When determining the size and type of closure necessary for an optical fiber system, you must take into account factors such as the number of fibers in the bundle, the mode of the fiber, and whether or not you'll be using mechanical- or fusion-type splices to join the fiber. The organization and labeling of your splices are also critical. Consider not only the immediate needs of a project, but also plan for changes or additions that may occur at a later date. It's necessary to provide additional coiled cable loops for fiber optic splice closures, because they typically aren't re-entered where they are mounted. The photo on page 61 shows a coil example.

Copper closures.

As is the case with optical fiber closures, copper closures store copper splices and protect them from mechanical and environmental damage. Copper closures can be found in aerial, direct-buried, underground, and in-building applications. The size of the closure is based on the number of cable pairs, or splices, you're working with.

Aerial splice closures for copper cable systems are either strand- or pole-mounted. Not only do they protect the cable splices from the environment, but they also bond and ground the cable. They can even be equipped with terminal blocks and fusible-link stub cables to allow for the termination of service wires, reducing the need for two separate products. In rare instances, some existing aerial cables may be pressurized and require the use of a special pressurized closure.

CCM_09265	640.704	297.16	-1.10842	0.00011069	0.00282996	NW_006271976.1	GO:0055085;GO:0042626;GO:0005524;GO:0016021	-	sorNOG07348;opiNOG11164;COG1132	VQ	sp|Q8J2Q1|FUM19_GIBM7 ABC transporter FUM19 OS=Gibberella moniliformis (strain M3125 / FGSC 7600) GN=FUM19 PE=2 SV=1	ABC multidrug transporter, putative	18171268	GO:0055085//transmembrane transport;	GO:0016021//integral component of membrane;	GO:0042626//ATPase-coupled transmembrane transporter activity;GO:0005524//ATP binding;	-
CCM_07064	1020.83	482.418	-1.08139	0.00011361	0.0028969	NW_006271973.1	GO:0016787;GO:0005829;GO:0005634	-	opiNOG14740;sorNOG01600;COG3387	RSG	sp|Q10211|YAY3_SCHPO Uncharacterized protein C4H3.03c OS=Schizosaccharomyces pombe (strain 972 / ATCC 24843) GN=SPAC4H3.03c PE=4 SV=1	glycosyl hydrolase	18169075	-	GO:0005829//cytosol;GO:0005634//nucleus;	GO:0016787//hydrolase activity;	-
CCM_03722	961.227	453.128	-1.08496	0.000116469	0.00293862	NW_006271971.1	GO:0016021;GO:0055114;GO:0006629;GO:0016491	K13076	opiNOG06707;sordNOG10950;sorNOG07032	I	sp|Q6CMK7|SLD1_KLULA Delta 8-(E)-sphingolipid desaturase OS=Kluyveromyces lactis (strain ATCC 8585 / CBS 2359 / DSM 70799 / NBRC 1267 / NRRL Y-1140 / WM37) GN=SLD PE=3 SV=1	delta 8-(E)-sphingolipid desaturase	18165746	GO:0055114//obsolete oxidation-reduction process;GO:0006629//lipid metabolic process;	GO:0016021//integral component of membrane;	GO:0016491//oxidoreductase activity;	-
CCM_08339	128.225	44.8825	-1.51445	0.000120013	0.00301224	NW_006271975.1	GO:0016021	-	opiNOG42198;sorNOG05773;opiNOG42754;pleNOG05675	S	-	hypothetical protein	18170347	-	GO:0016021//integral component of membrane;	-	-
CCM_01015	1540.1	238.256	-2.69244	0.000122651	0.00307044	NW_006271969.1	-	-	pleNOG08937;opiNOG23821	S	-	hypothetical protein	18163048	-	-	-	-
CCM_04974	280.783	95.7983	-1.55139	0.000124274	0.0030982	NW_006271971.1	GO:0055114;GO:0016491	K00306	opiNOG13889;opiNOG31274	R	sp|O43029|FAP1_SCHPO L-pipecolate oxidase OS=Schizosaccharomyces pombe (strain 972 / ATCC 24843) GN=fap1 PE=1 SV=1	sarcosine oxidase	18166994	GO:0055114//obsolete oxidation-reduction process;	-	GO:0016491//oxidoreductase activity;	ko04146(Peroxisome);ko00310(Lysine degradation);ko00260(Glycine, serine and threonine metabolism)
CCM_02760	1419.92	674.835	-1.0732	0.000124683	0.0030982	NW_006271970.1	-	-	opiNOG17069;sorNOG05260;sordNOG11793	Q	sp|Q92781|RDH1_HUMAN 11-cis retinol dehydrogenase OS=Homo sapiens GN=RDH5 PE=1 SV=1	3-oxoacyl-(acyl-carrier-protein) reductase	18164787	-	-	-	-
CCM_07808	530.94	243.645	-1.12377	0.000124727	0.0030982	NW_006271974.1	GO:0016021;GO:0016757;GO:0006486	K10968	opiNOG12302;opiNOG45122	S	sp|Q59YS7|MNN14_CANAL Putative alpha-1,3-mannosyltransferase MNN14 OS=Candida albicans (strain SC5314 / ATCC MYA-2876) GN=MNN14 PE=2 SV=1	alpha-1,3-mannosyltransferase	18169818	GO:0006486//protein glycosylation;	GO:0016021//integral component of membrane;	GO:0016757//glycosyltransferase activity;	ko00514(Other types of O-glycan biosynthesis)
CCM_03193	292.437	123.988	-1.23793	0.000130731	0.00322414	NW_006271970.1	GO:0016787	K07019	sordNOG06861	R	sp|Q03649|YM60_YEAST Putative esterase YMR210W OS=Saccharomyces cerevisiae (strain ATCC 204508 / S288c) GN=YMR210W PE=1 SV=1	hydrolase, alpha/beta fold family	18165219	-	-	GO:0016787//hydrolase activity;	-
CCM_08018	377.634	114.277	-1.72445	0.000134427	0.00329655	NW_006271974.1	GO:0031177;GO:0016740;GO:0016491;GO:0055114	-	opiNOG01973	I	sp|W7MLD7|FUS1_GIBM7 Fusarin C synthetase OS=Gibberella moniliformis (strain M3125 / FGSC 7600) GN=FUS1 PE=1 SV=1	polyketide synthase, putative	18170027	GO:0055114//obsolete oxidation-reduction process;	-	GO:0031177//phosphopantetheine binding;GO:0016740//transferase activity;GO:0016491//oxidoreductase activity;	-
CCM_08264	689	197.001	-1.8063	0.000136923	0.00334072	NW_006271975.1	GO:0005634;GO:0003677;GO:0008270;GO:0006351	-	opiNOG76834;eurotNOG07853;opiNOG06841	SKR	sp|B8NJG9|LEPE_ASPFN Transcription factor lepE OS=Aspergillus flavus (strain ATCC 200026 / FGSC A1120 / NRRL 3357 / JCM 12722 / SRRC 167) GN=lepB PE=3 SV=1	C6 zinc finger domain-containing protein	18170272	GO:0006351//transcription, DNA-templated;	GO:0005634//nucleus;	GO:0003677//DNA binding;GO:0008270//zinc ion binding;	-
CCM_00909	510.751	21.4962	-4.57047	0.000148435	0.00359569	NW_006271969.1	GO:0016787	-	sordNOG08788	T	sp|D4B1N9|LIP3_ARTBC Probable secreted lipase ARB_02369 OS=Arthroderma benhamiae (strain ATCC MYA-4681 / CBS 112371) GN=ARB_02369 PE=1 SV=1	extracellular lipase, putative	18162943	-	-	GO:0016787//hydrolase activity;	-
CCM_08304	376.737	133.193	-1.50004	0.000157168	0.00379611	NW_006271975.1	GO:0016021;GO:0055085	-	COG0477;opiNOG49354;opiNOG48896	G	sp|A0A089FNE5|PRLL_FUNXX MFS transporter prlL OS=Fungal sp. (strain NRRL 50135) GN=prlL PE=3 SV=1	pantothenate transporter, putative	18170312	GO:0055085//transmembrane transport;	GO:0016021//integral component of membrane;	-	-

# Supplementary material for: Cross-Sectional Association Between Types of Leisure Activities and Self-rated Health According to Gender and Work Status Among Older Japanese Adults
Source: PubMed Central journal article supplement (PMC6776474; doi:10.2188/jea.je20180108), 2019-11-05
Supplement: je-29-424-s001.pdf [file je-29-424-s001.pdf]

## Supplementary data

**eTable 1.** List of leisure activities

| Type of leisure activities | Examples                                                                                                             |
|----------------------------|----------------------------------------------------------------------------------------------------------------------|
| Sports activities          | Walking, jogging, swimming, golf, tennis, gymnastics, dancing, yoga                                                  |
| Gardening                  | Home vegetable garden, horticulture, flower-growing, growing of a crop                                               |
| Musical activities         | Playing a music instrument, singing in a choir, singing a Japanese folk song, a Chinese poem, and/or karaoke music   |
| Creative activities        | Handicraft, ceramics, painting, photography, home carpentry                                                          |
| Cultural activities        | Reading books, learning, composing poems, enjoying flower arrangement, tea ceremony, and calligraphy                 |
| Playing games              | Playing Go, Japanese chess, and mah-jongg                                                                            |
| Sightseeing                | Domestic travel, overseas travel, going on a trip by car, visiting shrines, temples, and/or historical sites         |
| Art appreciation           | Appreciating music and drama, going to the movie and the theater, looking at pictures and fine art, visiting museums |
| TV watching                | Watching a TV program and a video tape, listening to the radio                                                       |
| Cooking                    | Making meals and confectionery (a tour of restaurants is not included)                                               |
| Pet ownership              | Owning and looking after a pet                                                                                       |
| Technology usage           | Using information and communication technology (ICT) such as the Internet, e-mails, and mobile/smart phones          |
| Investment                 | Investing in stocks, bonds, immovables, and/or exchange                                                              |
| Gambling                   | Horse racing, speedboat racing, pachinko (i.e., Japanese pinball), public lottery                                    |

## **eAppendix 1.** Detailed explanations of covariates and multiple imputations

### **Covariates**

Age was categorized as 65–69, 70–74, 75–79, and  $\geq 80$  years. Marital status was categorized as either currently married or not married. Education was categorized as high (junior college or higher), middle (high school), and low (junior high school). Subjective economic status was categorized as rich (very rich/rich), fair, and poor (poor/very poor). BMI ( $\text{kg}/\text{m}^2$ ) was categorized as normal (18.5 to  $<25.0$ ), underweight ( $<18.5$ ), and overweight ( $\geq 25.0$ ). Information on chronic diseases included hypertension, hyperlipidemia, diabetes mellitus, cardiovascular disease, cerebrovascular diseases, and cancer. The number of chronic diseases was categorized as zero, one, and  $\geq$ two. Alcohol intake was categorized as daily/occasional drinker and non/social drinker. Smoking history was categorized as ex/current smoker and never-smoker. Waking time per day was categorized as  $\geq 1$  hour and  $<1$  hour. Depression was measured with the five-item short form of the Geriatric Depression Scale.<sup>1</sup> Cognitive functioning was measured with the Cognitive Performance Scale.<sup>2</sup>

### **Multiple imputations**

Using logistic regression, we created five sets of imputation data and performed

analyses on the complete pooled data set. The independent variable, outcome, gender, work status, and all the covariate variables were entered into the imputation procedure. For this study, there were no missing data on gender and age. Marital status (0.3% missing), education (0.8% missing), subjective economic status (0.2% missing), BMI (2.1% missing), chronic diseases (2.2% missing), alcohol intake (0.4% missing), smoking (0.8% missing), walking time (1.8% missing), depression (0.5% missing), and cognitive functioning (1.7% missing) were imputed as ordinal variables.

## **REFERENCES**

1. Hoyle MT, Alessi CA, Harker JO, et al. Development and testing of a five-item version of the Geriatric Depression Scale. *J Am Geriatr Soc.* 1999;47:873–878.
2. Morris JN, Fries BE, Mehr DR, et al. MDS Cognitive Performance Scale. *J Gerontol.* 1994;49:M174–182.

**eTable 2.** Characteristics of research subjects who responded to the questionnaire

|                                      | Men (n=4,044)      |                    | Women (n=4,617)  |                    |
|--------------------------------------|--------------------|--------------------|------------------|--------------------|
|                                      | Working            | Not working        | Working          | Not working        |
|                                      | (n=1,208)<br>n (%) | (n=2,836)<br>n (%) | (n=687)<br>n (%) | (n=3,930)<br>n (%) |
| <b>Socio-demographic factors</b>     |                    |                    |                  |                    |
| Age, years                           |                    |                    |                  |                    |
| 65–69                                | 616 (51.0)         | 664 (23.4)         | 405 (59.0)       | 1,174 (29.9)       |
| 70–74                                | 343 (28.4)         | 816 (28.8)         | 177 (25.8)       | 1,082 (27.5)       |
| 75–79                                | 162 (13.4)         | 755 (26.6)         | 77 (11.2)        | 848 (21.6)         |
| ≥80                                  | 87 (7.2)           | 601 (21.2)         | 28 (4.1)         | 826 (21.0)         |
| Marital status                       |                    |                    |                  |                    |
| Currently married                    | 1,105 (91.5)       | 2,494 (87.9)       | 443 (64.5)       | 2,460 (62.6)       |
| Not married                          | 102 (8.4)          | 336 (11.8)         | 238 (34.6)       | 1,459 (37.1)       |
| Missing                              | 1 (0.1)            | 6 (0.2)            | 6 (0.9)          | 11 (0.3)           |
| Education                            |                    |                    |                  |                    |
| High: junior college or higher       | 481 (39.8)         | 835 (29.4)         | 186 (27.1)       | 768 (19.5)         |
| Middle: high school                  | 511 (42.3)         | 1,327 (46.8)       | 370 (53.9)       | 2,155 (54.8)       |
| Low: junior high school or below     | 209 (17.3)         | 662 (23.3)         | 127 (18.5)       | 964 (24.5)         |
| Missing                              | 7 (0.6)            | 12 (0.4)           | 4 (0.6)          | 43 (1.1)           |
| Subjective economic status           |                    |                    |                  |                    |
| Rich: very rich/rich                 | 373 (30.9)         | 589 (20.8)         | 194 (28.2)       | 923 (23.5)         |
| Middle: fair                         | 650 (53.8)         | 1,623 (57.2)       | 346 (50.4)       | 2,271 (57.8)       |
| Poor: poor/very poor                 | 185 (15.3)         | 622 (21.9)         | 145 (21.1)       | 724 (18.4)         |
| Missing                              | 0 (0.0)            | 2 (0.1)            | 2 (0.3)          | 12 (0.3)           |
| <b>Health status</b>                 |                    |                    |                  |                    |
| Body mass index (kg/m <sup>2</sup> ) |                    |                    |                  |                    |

Encapsulated-type closures are effective for direct-buried applications. The cases are available in wraparound heat-shrink and solid-preformed styles. Both have proven reliability and re-entry capability. In the event that these installations may need to be re-entered, you should be very selective when choosing their location.

In some applications, the copper cable in an underground system may be installed under air pressure. In these situations, you must install a special pressurized splice case. However, most new underground systems are designed with non-pressurized cables.

Pedestals can also be used as a means of enclosing spliced copper cable. The connectors used in this application serve as the primary protection for the copper wire.

The protection of your OSP system should be of primary concern in the system design. And nowhere is protection more important than at splice points. Choosing the right closure can mean the difference between a properly running system and unacceptable levels of downtime. Be sure you know what you need before you dig the trenches.

Next month, we'll take a look at the grounding, bonding, and electrical protection requirements of CO-OSP systems.

Hite is special projects engineer-OSP for CT Communications, Inc., Concord, N.C.

The material for this article was excerpted with permission from BICSI's Customer-Owned Outside Plant Design Manual, Second Edition.